Multiple gene sequences delimit Botryosphaeria australis sp. nov. from B. lutea

  • Slippers B
  • Fourie G
  • Crous P
 et al. 
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Abstract

Botryosphaeria lutea (anamorph Fusicoccum luteum) most easily is distinguished from other Botryosphaeria spp. by a yellow pigment that is formed in young cultures. This fungus has been reported from a number of cultivated hosts in New Zealand and Portugal. During a survey of Botryosphaeria fungi that occur on native Acacia species in Australia, a yellow pigment was observed in some cultures. These isolates were morphologically similar to B. lutea, but the pigment differed slightly from the one formed by authentic B. lutea isolates. Preliminary data also revealed small differences in ITS rDNA sequence data. The aim of this study was to determine whether these small differences were indicative of separate species or merely variations within B. lutea. Anamorph, teleomorph and culture morphology were compared between B. lutea and Acacia isolates from Australia. Sequence data of two other genome regions, namely the β-tubulin and EF1-α gene and intron regions, were combined with ITS rDNA sequence data to determine the phylogenetic relationship between these isolates. Isolates of B. lutea and those from Australian Acacia species were not significantly different in spore morphology. The yellow pigment, however, was much more distinct in cultures of B. lutea than in cultures from Acacia. There were only a few base pair variations in each of the analyzed gene regions, but these variations were fixed in the two groups in all regions. By combining these data it was clear that B. lutea and the isolates from Acacia were distinct species, albeit very closely related. We, therefore, propose the new epithet B. australis for the fungus from Australia. Botryosphaeria australis also was isolated in this study from exotic Sequoiadendron trees in Australia. Re-analyses of GenBank data in this study showed that B. australis also occurs on other native Australian hosts, namely a Banksia sp. and a Eucalyptus sp., as well as a native Protea sp. in South Africa and on Pistachio in Italy. These records from GenBank have been identified previously as B. lutea. The common occurrence of B. australis on a variety of native hosts across Australia suggests that this fungus is native to this area.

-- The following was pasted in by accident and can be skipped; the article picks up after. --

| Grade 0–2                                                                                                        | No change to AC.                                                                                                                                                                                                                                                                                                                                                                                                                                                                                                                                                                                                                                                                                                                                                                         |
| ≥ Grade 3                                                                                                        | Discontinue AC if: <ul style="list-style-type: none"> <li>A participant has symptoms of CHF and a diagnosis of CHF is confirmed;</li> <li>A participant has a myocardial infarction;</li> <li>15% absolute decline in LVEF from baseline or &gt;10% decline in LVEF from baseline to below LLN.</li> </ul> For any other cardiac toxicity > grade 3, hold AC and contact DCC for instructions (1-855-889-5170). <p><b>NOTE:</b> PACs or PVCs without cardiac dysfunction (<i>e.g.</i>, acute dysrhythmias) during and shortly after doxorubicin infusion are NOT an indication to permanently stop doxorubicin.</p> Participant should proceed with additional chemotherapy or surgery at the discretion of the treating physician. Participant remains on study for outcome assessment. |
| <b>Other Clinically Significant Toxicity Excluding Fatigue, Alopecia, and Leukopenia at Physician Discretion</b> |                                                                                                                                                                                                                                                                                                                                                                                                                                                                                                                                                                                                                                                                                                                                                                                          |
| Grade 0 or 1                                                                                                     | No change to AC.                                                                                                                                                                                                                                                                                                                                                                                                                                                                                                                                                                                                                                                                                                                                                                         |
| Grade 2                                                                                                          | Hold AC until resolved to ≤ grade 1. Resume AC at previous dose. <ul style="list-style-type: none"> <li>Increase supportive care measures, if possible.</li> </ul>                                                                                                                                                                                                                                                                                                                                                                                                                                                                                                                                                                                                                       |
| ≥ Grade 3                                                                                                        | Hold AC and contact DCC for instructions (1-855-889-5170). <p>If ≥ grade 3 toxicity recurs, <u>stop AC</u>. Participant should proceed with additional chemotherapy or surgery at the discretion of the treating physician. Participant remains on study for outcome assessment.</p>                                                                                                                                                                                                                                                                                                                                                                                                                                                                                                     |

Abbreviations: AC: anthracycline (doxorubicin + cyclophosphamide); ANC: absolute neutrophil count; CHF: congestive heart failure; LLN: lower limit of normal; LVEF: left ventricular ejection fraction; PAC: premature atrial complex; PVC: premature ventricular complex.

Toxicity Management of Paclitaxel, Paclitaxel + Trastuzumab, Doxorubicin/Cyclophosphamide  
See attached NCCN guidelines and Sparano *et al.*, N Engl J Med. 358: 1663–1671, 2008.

Author-supplied keywords

  • Conidia
  • Culture
  • Morphology
  • Multiple genealogy concordance
  • Native hosts
  • Phylogeny
  • Southern Hemisphere

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